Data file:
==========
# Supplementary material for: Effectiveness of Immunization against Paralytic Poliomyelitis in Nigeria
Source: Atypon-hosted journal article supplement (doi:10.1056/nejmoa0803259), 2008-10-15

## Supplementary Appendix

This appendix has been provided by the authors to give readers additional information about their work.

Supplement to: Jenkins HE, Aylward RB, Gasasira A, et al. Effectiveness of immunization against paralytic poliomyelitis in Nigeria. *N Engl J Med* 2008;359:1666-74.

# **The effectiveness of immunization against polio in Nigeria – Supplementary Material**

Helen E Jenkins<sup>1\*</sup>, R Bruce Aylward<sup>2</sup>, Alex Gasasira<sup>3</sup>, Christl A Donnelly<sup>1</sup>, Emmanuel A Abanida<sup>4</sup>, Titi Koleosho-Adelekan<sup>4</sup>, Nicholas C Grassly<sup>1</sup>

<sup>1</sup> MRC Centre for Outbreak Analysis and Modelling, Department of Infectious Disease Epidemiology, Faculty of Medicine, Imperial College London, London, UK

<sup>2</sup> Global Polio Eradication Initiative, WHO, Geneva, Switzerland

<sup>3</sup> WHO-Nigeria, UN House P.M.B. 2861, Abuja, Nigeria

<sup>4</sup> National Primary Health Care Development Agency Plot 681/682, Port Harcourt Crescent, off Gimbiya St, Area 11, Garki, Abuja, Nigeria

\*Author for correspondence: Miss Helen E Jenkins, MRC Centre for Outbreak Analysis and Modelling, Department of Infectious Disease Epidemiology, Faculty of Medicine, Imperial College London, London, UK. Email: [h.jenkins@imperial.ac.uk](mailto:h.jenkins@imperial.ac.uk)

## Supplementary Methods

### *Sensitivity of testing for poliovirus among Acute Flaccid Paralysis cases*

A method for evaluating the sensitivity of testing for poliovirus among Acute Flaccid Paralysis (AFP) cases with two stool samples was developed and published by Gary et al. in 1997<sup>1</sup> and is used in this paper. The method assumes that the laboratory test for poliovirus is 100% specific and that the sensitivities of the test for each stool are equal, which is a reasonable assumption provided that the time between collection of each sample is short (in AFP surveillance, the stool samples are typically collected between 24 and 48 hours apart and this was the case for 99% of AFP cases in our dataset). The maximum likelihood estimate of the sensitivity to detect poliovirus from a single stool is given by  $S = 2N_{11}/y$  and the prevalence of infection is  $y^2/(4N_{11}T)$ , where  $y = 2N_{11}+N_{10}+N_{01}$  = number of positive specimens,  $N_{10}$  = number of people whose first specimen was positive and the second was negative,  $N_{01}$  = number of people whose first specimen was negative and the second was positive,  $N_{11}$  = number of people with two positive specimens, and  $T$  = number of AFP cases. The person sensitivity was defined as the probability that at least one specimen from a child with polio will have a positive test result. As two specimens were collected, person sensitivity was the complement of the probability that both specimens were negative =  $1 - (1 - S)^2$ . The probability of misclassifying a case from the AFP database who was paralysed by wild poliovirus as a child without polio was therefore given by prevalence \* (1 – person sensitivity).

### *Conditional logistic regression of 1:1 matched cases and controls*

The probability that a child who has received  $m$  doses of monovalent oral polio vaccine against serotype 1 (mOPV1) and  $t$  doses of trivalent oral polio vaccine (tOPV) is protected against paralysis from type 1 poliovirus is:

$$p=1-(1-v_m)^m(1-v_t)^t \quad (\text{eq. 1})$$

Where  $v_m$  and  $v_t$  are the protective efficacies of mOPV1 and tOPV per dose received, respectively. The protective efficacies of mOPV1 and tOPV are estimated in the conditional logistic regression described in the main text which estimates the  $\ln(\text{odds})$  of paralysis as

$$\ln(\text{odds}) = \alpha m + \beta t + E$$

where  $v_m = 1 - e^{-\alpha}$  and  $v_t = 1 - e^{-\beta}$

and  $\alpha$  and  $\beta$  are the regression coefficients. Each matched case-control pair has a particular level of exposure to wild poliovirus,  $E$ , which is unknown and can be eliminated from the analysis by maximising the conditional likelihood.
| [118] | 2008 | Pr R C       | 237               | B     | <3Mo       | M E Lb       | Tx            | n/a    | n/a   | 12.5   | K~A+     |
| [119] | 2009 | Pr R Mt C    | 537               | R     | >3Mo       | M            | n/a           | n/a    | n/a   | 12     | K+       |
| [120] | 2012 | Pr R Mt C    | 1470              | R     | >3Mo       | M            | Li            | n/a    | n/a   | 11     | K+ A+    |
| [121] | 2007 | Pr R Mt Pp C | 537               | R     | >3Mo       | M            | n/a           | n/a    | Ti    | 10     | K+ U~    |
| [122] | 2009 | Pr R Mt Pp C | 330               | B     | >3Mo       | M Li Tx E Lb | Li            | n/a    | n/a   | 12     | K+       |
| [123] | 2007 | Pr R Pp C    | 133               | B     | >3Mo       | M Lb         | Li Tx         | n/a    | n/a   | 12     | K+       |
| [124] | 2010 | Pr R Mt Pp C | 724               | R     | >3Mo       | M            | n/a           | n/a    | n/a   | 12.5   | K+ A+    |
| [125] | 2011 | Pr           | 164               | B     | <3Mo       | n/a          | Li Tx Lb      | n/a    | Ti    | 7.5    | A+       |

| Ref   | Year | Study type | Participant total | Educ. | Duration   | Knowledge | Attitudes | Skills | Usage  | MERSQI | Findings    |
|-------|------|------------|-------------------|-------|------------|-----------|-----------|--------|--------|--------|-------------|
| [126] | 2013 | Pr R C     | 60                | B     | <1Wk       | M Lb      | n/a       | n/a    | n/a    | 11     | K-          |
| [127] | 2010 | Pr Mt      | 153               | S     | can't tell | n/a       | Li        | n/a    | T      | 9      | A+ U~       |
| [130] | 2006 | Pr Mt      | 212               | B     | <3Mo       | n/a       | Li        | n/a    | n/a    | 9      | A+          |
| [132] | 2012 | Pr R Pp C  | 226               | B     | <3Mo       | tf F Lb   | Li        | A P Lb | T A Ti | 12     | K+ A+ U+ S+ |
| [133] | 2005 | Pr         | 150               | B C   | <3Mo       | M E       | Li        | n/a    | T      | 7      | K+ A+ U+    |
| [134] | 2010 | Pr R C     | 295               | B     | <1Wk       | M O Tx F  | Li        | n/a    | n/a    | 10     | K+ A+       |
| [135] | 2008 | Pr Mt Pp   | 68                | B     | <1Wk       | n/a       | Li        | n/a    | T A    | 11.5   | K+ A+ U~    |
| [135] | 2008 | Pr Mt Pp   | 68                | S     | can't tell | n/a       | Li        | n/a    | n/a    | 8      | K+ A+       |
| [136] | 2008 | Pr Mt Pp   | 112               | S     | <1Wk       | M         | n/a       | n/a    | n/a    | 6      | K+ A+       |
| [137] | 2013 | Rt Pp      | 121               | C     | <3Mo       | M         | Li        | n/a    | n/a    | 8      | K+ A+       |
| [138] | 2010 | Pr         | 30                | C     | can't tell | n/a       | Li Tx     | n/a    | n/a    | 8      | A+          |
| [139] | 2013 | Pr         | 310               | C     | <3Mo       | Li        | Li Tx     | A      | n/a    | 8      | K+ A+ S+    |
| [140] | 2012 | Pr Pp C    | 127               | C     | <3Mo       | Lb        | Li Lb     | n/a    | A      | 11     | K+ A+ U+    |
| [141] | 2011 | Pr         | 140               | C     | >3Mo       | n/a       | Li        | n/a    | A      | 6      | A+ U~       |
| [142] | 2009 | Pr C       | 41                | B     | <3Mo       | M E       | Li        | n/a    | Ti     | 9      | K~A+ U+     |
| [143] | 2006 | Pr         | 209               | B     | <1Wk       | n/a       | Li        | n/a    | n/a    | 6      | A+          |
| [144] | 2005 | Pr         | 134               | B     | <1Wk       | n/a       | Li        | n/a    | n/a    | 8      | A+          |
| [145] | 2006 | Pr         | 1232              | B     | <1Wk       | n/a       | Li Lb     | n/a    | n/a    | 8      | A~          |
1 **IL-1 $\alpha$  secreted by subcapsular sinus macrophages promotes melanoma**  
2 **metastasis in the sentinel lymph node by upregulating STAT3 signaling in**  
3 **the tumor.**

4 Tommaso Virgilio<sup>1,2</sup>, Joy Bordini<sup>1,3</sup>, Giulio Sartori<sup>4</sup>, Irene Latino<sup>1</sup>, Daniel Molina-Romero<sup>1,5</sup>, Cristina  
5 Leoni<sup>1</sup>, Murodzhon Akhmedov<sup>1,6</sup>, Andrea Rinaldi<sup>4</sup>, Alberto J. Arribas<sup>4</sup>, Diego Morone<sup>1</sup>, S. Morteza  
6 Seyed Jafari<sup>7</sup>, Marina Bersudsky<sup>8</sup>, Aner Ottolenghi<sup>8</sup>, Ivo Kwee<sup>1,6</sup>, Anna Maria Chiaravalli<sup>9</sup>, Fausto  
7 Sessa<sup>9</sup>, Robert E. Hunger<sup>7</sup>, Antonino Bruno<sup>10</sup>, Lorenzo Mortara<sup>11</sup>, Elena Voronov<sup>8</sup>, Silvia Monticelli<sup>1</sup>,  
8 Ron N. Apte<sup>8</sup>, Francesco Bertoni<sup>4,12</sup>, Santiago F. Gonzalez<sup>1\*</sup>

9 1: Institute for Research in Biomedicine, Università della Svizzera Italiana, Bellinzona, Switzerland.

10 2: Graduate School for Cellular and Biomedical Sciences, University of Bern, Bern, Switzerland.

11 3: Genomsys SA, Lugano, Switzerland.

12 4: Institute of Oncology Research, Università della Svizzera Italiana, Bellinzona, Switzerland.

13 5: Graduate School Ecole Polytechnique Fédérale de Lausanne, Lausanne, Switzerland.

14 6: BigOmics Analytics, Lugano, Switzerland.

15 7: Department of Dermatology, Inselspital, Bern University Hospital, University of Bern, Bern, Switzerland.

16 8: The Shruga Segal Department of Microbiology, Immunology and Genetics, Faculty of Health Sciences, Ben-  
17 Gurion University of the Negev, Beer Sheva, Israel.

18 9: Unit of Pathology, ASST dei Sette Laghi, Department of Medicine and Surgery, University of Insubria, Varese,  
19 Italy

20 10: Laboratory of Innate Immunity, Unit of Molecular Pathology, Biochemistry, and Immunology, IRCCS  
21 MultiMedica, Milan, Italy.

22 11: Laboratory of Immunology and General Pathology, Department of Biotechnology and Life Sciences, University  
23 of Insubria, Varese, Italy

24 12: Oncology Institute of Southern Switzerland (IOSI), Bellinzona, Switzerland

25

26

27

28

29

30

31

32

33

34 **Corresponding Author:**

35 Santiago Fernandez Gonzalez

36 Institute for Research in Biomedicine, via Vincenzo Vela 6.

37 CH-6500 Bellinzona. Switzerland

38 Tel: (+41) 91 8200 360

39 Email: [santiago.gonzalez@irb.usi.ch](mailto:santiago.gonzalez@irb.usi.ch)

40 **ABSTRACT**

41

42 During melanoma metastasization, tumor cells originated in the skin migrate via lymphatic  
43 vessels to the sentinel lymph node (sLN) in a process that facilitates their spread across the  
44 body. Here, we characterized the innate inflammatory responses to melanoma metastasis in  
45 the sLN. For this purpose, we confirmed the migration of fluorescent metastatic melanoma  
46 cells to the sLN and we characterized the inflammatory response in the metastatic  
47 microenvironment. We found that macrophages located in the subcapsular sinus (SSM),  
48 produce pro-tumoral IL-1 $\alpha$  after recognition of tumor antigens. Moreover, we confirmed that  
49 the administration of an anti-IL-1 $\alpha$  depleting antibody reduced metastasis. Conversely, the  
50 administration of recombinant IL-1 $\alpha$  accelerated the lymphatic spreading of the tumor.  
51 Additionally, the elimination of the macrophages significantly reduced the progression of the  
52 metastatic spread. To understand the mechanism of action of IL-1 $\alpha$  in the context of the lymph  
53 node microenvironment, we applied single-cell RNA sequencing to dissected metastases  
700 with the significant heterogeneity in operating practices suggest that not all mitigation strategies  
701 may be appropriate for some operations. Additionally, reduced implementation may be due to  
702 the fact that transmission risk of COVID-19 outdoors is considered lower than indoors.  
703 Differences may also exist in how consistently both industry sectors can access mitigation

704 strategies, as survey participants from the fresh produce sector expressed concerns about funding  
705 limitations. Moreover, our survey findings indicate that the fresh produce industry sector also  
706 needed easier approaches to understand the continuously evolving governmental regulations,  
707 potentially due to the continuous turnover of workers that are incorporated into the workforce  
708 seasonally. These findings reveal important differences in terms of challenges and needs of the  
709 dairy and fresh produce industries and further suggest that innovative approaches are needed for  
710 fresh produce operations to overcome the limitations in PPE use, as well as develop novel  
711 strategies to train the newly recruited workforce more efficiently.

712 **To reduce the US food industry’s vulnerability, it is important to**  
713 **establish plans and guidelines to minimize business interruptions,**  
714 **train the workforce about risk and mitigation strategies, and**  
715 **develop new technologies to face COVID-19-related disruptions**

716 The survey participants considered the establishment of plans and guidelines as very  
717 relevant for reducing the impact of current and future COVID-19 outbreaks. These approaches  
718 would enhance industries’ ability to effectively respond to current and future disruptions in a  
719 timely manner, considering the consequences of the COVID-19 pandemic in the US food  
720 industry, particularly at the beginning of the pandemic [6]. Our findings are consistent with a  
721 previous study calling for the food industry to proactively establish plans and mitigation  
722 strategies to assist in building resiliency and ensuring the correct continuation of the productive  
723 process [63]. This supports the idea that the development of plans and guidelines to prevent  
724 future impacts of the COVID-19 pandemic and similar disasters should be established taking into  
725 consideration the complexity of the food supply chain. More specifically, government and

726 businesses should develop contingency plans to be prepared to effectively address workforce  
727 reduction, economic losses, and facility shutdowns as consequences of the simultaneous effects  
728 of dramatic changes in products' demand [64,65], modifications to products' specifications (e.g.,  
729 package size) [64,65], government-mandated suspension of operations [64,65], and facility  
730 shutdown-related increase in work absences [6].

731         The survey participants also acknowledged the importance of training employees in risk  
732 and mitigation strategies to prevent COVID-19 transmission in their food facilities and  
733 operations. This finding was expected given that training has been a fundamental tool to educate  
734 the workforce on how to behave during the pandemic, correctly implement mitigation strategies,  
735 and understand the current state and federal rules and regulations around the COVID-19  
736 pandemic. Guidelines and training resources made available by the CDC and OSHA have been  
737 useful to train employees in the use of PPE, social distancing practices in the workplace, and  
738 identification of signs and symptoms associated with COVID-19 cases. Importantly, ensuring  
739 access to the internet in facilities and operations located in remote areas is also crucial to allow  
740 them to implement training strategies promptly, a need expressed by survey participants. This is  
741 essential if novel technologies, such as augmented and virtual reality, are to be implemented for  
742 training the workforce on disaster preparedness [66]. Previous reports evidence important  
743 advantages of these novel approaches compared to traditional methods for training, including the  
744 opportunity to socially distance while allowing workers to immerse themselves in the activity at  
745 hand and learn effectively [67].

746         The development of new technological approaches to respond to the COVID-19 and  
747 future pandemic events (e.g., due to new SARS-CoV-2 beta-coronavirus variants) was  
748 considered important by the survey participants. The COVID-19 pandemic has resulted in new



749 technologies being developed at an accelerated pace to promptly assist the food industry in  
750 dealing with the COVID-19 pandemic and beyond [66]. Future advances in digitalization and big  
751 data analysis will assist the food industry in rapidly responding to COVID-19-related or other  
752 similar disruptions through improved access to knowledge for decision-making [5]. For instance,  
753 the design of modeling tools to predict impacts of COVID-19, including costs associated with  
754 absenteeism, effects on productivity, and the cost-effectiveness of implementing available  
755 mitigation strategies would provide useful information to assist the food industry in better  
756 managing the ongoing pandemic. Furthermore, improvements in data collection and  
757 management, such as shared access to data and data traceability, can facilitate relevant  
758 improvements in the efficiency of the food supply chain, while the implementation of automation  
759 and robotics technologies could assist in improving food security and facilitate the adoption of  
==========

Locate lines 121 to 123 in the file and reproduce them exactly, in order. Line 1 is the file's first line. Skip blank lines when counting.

717 relevant for reducing the impact of current and future COVID-19 outbreaks. These approaches  
718 would enhance industries’ ability to effectively respond to current and future disruptions in a  
719 timely manner, considering the consequences of the COVID-19 pandemic in the US food  